Dual fuel means that you get your gas and electricity from a single supplier. Energy companies often offer a discount for dual fuel customers. However, you might find it’s cheaper to take your gas and electricity from 2 different suppliers. Although at the moment, it's best to wait for the energy market to stabilise before shopping around for the best deal.

READ MORE: Dual fuel guide

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How long should an energy switch take?

If your supplier is signed up to the Energy Switch Guarantee then your switch should take no longer than 21 days, which includes your 14-day cooling-off period.

If I switch, will there be any interruption to my gas or electricity supply?

You won't need any new pipes, cables or meters if you switch suppliers. There shouldn't be any interruption to your gas or electricity supply.

Who reads my meter when I change energy supplier?

Your new supplier is responsible for taking a meter reading when you switch, and for all future meter readings at your property after the energy switch takes place. They may ask you to take a reading yourself at the time of transfer (your start date). This reading is also used to finalise the accounts with your old supplier.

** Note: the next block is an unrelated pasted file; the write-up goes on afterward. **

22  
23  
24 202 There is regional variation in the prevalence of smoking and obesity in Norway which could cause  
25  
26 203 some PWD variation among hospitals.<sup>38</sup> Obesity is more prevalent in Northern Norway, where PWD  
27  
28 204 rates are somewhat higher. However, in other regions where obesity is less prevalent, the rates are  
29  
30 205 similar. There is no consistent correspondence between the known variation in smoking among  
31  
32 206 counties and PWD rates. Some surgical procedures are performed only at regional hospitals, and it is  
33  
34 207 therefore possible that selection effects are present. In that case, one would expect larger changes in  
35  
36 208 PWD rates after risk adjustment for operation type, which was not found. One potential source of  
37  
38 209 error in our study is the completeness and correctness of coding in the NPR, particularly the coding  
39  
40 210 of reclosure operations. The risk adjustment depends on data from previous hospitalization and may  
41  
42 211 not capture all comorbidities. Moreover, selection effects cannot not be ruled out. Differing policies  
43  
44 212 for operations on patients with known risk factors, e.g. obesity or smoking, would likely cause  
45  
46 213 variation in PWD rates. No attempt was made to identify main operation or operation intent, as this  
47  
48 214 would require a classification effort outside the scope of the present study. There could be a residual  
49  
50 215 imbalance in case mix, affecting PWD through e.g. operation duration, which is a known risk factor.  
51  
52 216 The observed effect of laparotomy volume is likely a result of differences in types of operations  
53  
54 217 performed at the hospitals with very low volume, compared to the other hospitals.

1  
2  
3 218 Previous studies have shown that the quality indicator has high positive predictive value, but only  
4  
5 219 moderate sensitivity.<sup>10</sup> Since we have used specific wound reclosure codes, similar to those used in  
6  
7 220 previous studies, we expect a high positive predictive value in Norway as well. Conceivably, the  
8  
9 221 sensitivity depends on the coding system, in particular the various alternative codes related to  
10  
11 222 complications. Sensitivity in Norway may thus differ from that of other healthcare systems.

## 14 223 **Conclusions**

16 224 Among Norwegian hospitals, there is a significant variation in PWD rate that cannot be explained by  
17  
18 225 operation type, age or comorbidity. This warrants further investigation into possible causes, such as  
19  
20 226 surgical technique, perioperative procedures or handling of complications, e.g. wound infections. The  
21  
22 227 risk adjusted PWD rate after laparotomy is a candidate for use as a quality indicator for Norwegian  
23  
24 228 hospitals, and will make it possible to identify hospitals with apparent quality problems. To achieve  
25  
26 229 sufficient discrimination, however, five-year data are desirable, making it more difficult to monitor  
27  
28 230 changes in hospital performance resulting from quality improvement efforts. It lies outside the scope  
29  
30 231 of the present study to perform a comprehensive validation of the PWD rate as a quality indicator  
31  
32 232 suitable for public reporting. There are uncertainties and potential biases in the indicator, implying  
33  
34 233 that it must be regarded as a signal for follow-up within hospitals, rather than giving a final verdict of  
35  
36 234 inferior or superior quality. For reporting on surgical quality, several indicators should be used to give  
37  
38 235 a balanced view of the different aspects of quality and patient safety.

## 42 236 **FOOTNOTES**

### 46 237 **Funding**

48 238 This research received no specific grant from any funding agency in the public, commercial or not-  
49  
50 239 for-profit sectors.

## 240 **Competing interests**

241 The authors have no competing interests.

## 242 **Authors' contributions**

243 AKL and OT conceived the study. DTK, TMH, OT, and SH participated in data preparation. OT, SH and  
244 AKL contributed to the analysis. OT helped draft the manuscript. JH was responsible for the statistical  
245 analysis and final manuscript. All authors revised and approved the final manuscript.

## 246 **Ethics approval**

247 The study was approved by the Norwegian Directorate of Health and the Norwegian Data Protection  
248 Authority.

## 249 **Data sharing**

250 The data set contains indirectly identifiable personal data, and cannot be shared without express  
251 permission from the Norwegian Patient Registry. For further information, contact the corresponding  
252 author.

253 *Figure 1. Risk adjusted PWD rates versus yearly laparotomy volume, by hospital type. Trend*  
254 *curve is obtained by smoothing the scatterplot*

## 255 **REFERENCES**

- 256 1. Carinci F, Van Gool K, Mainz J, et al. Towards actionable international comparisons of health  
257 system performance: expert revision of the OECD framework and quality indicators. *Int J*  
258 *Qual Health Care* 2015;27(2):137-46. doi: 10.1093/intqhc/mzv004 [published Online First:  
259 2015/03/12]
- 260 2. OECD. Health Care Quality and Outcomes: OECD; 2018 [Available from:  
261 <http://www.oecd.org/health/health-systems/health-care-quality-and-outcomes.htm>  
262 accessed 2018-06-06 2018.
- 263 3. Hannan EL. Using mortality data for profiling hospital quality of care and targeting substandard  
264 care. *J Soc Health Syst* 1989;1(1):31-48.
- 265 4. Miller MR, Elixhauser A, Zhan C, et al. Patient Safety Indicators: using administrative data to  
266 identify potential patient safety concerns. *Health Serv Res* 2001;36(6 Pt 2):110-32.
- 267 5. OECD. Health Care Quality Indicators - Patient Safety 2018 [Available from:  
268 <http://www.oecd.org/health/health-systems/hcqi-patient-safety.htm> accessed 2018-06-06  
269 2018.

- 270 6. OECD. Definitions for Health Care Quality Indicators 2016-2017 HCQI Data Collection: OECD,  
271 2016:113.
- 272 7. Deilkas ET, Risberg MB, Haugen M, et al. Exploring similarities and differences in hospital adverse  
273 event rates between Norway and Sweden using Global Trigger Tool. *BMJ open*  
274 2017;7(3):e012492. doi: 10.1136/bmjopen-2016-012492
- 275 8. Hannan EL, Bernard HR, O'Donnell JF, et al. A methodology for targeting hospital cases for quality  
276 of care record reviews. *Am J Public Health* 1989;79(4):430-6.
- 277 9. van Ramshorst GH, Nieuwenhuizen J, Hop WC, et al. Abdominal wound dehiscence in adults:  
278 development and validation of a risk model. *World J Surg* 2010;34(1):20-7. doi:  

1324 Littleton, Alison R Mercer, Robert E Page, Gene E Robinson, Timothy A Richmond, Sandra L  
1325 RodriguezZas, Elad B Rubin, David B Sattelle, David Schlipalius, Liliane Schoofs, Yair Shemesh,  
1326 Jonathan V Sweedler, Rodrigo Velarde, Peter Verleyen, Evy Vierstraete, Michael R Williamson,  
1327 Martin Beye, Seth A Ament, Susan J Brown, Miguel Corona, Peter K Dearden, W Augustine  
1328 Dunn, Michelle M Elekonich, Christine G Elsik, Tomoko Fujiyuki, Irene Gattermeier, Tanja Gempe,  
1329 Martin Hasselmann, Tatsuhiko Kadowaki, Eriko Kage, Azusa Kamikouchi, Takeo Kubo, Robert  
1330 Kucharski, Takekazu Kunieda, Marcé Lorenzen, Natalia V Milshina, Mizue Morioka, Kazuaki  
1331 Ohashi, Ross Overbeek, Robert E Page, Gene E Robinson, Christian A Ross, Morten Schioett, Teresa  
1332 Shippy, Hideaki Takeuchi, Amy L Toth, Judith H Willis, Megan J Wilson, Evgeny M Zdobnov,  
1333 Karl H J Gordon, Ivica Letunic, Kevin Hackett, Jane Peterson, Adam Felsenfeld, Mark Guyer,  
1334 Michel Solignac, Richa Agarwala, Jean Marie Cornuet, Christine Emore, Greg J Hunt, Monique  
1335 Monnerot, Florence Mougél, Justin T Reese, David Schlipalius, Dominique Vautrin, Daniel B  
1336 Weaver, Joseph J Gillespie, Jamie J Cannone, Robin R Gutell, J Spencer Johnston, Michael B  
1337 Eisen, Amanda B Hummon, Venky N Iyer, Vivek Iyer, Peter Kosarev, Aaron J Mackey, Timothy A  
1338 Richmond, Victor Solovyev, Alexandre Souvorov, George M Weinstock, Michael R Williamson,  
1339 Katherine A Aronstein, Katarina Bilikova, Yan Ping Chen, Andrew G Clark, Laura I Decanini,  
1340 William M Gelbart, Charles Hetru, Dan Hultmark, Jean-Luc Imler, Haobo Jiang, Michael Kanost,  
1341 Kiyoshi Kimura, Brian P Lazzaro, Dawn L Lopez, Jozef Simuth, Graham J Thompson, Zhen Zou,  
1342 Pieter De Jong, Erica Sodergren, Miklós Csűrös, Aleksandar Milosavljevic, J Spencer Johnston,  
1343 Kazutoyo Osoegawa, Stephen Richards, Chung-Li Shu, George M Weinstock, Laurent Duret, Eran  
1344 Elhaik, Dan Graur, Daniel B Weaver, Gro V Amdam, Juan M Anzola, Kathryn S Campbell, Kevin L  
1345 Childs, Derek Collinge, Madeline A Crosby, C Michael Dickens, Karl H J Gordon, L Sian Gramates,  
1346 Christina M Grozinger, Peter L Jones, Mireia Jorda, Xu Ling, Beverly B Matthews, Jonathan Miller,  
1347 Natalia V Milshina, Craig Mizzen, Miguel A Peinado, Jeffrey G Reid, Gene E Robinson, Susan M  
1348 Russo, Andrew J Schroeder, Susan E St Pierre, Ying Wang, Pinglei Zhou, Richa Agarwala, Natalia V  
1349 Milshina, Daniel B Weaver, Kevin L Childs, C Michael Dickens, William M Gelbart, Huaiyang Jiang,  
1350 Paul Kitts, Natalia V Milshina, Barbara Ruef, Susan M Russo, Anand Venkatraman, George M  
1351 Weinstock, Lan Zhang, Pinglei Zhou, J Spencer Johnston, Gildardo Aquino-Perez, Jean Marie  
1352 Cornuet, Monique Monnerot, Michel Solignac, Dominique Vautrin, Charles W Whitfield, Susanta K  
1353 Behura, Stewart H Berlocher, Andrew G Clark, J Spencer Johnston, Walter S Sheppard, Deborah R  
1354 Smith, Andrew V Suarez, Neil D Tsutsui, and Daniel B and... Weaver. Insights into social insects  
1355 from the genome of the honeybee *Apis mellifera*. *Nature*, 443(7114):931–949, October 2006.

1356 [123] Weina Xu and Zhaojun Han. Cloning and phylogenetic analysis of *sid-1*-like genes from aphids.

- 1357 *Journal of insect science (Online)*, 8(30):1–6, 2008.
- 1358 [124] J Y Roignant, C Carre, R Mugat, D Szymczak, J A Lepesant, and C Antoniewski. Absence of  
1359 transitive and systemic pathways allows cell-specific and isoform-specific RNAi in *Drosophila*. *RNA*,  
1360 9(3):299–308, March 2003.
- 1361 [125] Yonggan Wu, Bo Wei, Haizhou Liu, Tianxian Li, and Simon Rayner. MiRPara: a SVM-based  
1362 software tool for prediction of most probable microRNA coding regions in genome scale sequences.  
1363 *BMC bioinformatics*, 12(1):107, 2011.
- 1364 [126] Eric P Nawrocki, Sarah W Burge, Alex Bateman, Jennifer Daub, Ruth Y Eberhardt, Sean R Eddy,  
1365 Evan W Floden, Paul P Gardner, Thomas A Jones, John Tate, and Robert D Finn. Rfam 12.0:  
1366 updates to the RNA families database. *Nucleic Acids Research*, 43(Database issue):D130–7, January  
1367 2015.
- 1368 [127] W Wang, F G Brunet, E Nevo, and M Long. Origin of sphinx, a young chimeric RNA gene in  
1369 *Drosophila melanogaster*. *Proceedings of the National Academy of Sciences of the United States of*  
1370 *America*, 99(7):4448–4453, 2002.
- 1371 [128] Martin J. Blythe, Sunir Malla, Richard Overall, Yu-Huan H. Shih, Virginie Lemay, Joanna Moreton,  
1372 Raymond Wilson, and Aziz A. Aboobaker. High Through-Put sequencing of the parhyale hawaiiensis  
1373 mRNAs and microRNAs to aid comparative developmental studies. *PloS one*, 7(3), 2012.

Can my current supplier prevent me from switching to a new supplier?

If you have any bills outstanding, your existing supplier may prevent your switch until you've paid the outstanding amount.

READ MORE: The energy switching process

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Do I need a contract?

You already have an energy supply contract with your existing energy provider. In order to change supplier, you need to enter into a contract with your chosen new supplier. The contract specifies the price you pay and the terms and conditions of supply.

Can I cancel a contract once I have applied for it?